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Middle infield trade candidates

Tyler Wade is once again being relied upon to be the team’s utility guy, able to play the middle infield positions, as well as the outfield if need be.  Wade’s defense and speed have never been in question but to this point in his career he has not been able to show much competence with his bat in order to cement his status as a solid major league player. 

The Yankees should be ready seek a replacement on the open market before the trade deadline on July 31.

Here are a few players that might be worth a shot should the “Wade Plan” fail.

Eduardo Escobar

Escobar is in the final year of his contract with the Arizona Diamondbacks and is slated to make $7 million for the 2021 season.  If the Yankees were to make a trade for him at the deadline, his luxury tax hit would be about $2.37 million.  The Yankees are about $5.85 million below the luxury tax threshold as of now, so the rest of Escobar’s contract would not interfere with the front offices goal of staying under the penalty line. 

As for where he would fit on the roster, Escobar has experience at all three of the four infield positions (SS, 2B, and 3B).  Most of his games since coming to Arizona in 2018 have been at third base and he hasn’t played shortstop since his trade from Minnesota.  He played 185.2 innings at shortstop in Minnesota in the first half of 2018 and his UZR rating -20.2.  It’s not a surprise that the Diamondbacks decided that playing him at shortstop was not a great idea but at least he could fake it there in an emergency.  Plus, the Yankees tried Gio Urshela at shortstop in spring training (for reference, Urshela has 0.1 UZR rating at shortstop). 

Escobar has 95 games in his career at the keystone which isn’t a whole lot in a ten-year career but he does have a 0.1 UZR rating there and is considered his secondary position behind third base.   What can he do on offense though?  Going into his age 32 season this year, Escobar has shown some ability with the bat.  His best two years were in 2018 and 2019 where he put up a wRC+ of 117 and 108 respectively.  His slash line from those two years combined is .270/.327/.501.  In 2020, however, he struggled hitting .212/.270/.605.  The silver lining is that his walk rate and strikeout rate remained basically the same as they were in ’18 and ’19 so the shortened season could have hurt Escobar.  The Yankees should keep an eye on him as potential middle infield help for later this season.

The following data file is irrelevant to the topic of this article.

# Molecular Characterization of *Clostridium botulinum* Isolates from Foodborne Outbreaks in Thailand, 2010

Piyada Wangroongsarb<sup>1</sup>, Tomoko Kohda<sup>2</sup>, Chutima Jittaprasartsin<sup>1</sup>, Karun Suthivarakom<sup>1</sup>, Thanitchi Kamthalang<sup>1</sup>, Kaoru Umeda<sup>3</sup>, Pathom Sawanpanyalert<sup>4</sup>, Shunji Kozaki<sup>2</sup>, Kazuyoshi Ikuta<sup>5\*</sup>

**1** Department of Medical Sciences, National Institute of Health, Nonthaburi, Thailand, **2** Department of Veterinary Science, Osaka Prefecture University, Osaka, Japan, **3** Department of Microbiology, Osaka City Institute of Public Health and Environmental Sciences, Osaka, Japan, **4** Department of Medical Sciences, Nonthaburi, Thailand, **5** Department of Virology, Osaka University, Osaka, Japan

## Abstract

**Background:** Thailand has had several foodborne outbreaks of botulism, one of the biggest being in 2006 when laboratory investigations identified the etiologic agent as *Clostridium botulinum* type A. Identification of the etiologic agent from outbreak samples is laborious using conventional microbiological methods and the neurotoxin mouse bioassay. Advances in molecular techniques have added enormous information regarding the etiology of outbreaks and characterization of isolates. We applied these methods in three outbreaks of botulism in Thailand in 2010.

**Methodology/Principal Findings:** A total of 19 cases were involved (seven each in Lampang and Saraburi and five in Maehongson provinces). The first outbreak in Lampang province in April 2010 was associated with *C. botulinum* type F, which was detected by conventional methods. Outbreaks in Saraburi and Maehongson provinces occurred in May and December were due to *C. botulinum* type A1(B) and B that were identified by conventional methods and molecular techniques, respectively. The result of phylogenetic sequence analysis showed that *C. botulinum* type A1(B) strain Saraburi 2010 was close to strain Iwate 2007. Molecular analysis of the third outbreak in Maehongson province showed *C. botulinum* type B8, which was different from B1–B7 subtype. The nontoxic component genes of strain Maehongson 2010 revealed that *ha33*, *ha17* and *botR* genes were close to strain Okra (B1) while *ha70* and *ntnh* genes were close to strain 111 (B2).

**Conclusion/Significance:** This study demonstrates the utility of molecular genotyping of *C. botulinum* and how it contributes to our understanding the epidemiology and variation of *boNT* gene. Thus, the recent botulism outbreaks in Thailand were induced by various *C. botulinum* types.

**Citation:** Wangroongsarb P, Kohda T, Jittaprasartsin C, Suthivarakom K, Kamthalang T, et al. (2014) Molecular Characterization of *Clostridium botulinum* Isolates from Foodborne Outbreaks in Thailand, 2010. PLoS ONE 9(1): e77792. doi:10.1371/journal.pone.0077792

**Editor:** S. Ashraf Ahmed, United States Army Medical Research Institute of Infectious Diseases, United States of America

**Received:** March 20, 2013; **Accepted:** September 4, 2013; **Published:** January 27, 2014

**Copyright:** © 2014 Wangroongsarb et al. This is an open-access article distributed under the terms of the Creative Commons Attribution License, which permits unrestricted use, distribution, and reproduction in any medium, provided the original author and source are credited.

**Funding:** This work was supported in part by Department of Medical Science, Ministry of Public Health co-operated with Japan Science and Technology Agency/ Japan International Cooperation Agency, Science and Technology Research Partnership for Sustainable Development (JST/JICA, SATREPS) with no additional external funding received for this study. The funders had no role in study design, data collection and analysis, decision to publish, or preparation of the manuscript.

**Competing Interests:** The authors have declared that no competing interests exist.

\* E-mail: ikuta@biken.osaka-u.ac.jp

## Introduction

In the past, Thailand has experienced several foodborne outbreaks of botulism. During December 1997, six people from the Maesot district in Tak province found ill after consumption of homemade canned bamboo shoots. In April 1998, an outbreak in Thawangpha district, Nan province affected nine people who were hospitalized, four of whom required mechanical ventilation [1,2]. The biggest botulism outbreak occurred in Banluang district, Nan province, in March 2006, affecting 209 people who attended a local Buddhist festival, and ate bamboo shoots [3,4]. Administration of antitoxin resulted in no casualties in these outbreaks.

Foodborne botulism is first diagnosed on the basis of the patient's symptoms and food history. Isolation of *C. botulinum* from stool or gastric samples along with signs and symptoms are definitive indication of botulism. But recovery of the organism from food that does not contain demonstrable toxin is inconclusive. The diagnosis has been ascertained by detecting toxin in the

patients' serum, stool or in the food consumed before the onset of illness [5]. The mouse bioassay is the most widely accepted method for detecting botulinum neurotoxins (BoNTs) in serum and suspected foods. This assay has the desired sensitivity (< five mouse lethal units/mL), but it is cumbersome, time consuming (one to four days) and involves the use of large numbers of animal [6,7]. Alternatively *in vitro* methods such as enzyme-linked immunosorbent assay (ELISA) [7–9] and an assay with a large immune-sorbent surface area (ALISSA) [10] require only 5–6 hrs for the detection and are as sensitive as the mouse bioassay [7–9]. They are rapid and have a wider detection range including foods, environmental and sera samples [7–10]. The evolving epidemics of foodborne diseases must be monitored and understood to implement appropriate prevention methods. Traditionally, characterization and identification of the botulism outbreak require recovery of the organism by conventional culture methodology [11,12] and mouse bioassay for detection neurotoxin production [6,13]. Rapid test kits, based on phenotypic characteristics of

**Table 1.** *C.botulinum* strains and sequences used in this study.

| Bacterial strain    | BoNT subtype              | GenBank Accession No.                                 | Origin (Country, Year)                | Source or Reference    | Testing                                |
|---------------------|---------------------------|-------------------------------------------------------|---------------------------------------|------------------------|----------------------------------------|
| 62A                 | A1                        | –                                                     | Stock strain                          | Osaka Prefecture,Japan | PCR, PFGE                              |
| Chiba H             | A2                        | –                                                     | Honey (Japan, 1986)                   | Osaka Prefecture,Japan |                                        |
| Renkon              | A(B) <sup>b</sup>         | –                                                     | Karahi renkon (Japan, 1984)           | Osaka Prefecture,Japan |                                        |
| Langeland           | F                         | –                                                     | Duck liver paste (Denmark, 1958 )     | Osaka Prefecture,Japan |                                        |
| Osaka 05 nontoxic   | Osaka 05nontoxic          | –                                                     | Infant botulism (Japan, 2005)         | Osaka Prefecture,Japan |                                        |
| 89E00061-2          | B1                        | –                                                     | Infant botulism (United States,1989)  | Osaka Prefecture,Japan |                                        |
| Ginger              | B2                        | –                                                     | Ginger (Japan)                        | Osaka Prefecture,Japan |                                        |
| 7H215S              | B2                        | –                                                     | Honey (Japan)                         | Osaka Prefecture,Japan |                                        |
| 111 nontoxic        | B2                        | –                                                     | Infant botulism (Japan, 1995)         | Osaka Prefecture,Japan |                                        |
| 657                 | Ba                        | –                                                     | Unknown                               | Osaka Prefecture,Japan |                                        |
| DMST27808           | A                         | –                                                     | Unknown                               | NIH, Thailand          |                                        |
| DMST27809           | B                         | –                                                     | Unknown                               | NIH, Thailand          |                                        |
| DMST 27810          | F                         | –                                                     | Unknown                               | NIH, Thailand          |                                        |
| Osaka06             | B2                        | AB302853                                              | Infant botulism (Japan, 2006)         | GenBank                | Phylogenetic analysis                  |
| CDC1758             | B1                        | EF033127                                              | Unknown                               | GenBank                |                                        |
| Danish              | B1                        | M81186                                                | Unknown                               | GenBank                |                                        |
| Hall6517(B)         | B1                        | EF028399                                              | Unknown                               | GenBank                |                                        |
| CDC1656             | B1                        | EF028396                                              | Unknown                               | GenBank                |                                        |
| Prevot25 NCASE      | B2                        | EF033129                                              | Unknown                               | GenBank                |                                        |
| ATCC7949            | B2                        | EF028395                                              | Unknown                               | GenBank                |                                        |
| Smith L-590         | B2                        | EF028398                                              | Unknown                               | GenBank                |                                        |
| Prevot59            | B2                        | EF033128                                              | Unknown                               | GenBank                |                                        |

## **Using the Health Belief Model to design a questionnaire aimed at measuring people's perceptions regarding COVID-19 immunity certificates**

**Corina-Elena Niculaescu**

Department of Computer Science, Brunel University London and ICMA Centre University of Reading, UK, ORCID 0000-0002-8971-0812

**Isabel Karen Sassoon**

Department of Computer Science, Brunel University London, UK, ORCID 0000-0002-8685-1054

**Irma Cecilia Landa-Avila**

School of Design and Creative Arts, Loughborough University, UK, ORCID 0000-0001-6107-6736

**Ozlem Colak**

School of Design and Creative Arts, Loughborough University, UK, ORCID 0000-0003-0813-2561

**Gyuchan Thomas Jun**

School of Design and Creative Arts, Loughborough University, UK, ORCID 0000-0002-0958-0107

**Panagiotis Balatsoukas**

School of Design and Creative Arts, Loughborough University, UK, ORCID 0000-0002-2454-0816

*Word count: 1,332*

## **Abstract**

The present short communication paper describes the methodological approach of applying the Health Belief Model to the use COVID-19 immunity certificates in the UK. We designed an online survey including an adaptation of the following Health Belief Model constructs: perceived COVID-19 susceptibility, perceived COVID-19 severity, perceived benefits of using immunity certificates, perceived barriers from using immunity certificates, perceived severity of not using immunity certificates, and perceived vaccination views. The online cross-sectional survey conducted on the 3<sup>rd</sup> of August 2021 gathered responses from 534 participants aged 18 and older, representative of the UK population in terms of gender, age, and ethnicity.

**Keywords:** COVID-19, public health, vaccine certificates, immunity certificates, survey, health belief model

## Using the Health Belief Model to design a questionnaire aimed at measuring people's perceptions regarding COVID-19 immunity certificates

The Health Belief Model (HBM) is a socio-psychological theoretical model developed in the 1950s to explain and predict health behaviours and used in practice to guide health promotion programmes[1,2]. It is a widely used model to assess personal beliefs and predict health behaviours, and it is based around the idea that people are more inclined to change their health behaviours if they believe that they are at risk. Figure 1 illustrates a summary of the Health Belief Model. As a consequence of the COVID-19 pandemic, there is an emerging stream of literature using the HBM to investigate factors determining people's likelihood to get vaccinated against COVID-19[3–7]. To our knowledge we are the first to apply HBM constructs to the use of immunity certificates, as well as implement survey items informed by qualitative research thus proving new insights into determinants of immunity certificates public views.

Adam Frazier

Since the Yankees just locked up DJ LeMahieu and have been experimenting with moving Gio Urshela around the infield, the possibilities at the deadline have opened up.  If the Yankees want to they can bring in a player that plays only one of the infield positions and use LeMahieu and Urshela to shuffle around in order to accommodate that player.  Enter Adam Frazier. 

He’s still arbitration eligible and his tax hit would be about $1.46 million in 2021 (if traded at the deadline).  The Pirates aren’t likely to compete this year and they just completed a huge deal with the Yankees for Jameson Taillon so they’ve already scouted the Yankees minor league system in depth.  Like Escobar, 2020 was a subpar year for Frazier.  He only hit .230 last years after never hitting lower than .276 the previous four seasons.  His plate discipline statistics don’t explain the sharp drop in average.  His strikeout rate was right around his career average (13.6% vs 15.2%).  His walk rate was right at his career average. (7.4%).  His batted ball data however might be the key.  His hard-hit percentage in 2020 dropped to 25.3% from 31.7% in 2018/2019.